Main Page | See live article | Alphabetical index


Soldering is a method of appling a lower melting point material to join other materials. Common solders are lead/tin mixtures (40:60) that have a melting point around 400F. They can be heated in a number of ways, including bulk liquification, or by using a point source such as an electric soldering iron or brazing torch.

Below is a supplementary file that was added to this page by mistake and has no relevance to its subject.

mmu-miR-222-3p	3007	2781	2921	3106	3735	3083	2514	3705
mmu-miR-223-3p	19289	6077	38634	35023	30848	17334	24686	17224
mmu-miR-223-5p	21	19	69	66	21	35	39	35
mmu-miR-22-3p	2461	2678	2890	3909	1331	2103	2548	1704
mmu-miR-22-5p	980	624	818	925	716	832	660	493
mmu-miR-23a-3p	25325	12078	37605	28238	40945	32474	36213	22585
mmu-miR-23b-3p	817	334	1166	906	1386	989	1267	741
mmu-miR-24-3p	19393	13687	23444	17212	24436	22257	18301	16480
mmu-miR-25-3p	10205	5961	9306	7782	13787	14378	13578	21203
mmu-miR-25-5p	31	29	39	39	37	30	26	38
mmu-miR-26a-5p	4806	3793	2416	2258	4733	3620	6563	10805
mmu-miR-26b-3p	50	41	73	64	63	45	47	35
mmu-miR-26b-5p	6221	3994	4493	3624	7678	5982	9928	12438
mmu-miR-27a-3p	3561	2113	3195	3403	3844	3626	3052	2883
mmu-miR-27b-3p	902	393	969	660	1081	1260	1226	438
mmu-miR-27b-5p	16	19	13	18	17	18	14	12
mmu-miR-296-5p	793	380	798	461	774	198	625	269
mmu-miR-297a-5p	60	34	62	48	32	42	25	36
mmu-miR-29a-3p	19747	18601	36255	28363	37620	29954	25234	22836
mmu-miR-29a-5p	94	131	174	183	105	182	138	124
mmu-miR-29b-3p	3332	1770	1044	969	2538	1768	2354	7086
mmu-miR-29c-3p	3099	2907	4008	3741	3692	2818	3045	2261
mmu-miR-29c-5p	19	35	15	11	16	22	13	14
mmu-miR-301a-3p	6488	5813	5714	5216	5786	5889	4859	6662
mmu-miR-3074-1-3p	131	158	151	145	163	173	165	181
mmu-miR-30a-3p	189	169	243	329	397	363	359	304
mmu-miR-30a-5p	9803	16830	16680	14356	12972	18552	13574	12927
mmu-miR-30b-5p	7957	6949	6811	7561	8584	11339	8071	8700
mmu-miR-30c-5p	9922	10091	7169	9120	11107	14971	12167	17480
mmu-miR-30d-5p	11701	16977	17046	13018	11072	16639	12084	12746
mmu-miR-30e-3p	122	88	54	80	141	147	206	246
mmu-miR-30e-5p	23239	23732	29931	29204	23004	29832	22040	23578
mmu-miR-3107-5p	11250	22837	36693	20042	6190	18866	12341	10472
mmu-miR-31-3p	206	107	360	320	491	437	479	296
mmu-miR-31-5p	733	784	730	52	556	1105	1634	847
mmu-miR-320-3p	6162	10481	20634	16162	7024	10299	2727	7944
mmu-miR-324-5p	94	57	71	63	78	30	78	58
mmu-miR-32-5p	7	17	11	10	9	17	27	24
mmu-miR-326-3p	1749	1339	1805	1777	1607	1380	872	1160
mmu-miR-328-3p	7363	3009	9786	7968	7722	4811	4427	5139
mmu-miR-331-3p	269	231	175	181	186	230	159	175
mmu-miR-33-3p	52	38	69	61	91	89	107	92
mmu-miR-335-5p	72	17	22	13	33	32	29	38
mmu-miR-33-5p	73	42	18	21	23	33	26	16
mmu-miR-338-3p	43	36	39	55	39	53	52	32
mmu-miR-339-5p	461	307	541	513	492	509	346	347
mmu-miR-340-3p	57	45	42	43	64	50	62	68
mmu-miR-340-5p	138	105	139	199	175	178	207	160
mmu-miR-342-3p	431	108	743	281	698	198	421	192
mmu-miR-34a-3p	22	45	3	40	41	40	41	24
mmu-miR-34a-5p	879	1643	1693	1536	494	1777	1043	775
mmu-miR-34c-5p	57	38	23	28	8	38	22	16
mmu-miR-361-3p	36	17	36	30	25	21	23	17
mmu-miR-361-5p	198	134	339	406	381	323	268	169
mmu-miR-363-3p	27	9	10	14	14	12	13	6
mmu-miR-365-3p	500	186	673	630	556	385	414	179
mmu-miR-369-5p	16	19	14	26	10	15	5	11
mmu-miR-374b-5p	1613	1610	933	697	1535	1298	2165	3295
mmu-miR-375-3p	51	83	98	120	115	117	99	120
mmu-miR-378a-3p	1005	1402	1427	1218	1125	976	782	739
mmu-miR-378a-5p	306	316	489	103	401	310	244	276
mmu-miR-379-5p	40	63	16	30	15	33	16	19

The dominant use of this process is for making a sound electrical joint between certain metals for use in electrical and electronic equipment.

Soldering is distinct from welding in that the materials to be joined are not melted. The lower melting point solder can be melted away leaving the original materials intact.